From Vienna to Bratislava we took the Twin City liner to Bratislava. Bikes were carried for free and there were places for 12 bikes on the boat. The website mentions pre-booking is required but we just turned up. They were fine with us taking our bikes, but we did need to do a bit of persuading in order to get our trailer on board. Thankfully we got permission to board!
At that time of the year (May/June) there are plenty of trips a day, so if you arrive for one and it’s full, there isn’t long to wait until the next one. In just one and 1/4 hours we were in Bratislava!
After a day and a night exploring Bratislava we set off in the direction of the border with Hungary. After some initial challenging map reading through Bratislava we picked up the cycleway which was well signed and easy to follow for the rest of the trip.
We quickly left the city behind and were soon cycling through beautiful open countryside, with meadows on both sides brimming with all kinds of flowers and the river never far away.
Our time in Slovakia was brief and soon we were crossing the border into Hungary (no passports required at that time!).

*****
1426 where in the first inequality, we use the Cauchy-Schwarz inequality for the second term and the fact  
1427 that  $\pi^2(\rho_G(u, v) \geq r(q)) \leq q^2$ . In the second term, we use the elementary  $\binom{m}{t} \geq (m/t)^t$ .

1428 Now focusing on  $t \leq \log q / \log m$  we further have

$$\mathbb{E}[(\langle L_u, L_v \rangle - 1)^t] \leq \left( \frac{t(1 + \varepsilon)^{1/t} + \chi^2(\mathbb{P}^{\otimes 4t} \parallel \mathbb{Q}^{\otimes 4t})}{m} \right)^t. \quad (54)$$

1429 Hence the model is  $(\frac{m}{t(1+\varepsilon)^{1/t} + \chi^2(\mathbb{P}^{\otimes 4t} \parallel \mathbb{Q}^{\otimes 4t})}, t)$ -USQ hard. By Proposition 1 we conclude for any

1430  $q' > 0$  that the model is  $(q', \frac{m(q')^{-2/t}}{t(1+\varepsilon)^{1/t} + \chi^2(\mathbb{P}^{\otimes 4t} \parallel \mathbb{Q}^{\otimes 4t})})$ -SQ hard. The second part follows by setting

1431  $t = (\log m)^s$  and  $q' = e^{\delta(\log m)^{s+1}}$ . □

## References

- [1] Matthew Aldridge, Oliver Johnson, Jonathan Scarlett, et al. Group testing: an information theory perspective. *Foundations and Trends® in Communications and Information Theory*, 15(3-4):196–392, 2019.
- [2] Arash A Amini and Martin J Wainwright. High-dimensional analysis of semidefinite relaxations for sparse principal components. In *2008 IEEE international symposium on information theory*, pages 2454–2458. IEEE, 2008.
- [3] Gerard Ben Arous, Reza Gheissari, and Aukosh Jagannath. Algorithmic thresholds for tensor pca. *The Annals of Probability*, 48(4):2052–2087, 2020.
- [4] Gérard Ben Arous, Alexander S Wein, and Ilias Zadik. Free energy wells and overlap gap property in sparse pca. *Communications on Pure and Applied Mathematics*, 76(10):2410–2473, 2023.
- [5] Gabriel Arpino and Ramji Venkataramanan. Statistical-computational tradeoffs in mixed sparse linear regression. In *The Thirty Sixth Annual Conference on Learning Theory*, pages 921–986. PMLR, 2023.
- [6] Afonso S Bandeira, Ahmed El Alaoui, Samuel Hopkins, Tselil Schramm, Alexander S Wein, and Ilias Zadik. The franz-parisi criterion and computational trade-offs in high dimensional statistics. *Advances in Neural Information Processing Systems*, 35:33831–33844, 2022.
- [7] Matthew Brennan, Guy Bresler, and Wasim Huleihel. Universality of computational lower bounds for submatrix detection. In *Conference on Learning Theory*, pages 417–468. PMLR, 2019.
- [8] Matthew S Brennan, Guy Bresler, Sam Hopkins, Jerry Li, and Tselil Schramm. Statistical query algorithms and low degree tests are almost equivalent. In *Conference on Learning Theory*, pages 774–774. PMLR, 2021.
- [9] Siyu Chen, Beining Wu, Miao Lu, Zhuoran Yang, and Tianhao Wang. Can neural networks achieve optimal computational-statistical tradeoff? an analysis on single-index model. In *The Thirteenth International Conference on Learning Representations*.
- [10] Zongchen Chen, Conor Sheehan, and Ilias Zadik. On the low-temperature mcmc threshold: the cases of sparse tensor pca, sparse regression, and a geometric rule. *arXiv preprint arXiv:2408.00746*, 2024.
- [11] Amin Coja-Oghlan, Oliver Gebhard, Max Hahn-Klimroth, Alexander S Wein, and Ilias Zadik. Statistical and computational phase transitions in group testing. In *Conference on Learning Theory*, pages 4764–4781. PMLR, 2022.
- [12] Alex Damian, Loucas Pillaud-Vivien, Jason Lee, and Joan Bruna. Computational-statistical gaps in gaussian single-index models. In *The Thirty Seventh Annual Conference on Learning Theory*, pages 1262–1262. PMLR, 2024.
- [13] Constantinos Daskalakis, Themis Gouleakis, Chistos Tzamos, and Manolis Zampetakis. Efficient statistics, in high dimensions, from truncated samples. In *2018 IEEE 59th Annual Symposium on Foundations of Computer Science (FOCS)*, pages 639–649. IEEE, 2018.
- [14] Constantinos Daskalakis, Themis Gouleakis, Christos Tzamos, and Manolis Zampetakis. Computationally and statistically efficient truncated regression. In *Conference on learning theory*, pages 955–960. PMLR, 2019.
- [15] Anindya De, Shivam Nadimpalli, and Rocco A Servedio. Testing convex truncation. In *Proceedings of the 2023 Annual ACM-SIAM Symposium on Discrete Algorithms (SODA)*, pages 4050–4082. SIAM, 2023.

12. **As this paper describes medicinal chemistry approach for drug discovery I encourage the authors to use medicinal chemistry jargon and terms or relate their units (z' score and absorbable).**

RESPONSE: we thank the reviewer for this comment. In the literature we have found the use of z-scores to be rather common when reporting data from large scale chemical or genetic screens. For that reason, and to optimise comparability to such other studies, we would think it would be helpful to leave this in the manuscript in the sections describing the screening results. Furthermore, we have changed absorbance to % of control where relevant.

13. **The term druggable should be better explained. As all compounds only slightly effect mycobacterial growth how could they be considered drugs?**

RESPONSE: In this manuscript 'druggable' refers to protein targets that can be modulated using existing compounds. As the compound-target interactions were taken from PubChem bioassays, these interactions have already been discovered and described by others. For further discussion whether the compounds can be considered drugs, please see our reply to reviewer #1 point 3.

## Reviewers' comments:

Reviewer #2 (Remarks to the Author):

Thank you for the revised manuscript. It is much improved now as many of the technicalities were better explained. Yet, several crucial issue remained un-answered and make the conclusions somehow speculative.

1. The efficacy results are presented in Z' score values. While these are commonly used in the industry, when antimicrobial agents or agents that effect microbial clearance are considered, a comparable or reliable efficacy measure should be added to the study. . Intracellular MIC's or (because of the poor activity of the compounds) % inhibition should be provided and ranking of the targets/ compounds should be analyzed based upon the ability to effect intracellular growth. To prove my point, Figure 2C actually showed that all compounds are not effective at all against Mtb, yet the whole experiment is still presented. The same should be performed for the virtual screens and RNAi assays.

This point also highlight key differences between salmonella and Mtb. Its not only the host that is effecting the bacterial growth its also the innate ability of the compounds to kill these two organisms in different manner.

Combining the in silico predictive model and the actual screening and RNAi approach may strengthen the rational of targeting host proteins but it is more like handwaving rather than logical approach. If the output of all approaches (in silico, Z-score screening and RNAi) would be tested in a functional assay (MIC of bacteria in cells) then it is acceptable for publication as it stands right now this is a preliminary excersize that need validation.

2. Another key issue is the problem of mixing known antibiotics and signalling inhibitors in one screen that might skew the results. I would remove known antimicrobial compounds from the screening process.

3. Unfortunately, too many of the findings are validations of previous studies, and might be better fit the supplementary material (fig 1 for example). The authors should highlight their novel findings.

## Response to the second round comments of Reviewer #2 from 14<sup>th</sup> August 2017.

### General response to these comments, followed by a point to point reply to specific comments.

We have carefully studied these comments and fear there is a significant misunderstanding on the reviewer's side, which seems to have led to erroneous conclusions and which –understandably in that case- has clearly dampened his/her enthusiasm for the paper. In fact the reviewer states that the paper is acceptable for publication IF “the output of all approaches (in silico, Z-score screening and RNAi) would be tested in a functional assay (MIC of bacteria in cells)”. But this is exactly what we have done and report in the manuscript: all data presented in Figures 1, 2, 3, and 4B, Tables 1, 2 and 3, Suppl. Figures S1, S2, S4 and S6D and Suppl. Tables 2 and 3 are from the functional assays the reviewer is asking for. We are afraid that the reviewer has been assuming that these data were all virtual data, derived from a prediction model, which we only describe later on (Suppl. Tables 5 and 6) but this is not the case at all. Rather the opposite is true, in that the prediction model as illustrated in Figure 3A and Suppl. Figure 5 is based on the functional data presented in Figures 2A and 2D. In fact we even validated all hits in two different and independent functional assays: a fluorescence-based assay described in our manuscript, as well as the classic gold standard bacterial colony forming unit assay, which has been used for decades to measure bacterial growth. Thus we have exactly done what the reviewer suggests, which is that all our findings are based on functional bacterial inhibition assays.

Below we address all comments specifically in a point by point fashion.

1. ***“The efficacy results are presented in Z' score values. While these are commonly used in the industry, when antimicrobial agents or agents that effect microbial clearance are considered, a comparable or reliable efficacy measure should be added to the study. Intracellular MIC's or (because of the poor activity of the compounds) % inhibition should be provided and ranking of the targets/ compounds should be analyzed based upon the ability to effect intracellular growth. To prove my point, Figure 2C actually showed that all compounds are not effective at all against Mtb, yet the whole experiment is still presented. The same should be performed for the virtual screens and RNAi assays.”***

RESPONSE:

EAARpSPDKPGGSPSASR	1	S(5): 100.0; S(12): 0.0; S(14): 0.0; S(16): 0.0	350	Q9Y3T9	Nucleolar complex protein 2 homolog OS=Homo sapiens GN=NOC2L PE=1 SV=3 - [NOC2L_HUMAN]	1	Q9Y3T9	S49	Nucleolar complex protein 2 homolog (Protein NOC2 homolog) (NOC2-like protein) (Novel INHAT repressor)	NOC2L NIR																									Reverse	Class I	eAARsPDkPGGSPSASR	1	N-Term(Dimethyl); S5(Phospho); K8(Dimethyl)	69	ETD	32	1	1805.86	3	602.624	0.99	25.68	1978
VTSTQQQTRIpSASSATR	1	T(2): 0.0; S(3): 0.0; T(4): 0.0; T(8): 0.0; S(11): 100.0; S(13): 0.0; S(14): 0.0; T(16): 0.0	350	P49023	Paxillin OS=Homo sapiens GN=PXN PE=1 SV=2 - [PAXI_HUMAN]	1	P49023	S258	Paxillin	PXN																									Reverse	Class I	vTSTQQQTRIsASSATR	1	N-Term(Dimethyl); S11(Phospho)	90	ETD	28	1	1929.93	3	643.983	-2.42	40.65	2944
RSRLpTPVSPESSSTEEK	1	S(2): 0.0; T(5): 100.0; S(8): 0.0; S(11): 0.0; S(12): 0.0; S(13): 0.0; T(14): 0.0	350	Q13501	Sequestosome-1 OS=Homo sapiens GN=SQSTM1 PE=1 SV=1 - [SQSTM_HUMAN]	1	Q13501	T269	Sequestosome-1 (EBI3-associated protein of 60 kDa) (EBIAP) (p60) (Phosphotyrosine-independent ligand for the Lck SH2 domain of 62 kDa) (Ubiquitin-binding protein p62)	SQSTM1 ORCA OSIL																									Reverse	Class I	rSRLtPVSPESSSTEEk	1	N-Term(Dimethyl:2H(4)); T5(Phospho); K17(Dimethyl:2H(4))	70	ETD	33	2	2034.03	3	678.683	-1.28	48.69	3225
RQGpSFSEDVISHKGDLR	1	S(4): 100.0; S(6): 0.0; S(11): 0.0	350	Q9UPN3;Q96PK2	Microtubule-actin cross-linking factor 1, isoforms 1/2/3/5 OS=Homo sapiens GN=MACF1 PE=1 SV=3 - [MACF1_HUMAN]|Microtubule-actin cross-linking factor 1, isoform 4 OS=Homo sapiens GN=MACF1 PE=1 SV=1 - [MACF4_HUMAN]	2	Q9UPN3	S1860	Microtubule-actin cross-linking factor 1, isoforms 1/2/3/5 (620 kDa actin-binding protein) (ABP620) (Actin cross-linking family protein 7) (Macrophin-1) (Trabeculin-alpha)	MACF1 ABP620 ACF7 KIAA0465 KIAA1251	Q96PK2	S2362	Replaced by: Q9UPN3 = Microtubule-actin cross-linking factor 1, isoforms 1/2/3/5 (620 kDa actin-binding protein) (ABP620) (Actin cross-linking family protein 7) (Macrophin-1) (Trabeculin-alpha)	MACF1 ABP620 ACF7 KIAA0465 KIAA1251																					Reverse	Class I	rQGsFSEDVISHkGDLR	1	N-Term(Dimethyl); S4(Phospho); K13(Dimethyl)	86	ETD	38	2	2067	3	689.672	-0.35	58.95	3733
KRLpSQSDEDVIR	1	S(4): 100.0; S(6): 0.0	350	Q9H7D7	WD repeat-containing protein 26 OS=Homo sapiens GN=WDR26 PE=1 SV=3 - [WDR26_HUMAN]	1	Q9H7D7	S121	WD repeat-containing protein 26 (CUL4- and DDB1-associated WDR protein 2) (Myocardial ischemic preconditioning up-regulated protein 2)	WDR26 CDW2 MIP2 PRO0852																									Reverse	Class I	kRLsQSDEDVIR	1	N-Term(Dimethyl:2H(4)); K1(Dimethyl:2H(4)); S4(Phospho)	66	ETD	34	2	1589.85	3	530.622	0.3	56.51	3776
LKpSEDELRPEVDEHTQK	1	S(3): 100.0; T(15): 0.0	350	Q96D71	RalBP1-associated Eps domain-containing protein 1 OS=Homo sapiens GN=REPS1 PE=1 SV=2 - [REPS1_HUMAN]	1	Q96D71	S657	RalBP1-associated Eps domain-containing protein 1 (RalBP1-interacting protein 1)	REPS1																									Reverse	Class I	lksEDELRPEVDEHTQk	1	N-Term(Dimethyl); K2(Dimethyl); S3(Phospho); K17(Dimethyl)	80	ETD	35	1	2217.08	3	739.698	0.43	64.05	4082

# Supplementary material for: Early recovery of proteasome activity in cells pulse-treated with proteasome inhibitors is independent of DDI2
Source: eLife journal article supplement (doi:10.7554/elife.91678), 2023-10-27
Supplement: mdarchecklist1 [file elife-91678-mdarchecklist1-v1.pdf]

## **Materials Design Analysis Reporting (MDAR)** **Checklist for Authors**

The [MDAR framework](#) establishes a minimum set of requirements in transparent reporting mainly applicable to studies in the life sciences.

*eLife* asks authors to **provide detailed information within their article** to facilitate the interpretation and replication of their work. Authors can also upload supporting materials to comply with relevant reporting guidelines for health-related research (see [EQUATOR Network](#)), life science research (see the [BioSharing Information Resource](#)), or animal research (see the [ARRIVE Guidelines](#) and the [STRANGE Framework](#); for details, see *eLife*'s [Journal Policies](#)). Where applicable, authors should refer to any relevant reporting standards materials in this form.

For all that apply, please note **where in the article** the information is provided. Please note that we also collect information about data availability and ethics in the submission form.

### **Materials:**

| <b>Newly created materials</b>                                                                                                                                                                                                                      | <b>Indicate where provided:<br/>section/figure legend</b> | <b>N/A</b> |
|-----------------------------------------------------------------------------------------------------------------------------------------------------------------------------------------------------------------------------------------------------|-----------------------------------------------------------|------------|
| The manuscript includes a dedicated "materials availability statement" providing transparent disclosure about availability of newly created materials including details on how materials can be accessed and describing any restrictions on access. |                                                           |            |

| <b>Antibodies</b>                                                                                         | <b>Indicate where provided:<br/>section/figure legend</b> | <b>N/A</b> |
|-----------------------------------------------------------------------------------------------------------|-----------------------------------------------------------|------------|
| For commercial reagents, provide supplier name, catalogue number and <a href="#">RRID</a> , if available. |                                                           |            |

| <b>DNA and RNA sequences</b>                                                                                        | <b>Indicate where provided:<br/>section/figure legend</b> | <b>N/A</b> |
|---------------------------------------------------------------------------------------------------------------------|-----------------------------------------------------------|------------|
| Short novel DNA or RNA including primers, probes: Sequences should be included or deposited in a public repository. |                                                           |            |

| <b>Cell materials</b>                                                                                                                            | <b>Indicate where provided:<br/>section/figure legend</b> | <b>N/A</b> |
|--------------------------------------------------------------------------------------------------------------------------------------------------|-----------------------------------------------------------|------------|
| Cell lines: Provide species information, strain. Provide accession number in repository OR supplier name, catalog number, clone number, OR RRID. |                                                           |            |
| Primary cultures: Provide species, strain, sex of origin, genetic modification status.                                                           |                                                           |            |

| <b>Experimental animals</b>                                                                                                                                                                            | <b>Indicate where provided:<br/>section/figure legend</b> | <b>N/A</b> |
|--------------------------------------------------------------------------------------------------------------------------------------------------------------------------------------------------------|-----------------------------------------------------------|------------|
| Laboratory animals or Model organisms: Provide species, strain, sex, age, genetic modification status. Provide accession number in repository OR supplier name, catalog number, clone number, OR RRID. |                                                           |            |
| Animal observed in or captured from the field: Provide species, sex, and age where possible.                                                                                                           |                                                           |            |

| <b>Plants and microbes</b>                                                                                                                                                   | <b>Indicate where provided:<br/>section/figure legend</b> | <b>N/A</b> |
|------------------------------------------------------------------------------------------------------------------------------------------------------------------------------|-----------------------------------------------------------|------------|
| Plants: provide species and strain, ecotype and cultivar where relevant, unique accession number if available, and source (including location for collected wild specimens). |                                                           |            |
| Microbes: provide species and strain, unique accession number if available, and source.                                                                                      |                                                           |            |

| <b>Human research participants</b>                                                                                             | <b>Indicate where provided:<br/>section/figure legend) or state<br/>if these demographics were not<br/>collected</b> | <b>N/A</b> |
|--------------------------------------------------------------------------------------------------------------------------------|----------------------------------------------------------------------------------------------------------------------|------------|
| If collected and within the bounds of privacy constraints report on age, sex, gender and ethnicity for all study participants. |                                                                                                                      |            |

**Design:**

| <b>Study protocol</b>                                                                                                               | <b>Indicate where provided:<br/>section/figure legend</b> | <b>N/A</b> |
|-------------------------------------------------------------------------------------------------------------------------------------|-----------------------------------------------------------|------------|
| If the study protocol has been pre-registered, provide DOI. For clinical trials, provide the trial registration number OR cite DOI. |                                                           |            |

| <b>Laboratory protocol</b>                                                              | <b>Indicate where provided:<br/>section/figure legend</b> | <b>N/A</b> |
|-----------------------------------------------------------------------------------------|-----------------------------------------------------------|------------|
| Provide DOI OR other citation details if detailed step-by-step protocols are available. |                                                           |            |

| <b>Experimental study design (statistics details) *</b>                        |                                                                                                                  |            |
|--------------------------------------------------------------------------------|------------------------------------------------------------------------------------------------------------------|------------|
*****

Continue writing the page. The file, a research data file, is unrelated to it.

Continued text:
There is a choice along the route whether you want to take the Slovakian side – shorter but more hills, or the Hungarian side. We chose Hungary.
After a night’s camping and a day’s cycling we diverted off the cycle path to the town of Mosonmagyarovar so we could take a train to Gyor, and then on to Komarom. We had no issues booking the bikes on the trains and there was a designated area to store them. Don’t expect lifts or ramps in the stations though. We had to carry the bikes up and over the bridge to the platform or down under the subway. People around were really helpful, and one guard even held the train whilst we got ourselves organised and everything on.
The final part of our family cycling holiday along the River Danube (and probably the highlight for us) was the cycle from Estergom, via Visegrad to Szentendre.
This is the famous “Danube bend”, and we loved the fact that sometimes we were cycling way above the river with amazing vistas, other times right beside it through woods, fields and neighbourhoods. Estergom has a vast neo-classical cathedral, and Visegrad a castle.
My kids loved the thermal baths that were a feature of many of the little towns we passed through – a great antidote to a day’s cycling!
We found that Szentendre was a great place just to wander and chill out – a great way to end the cycling phase of our holiday via Visegrad and its castle.
One thing to note is that some of the Eastern European food is slightly different to what our kids are used to at home.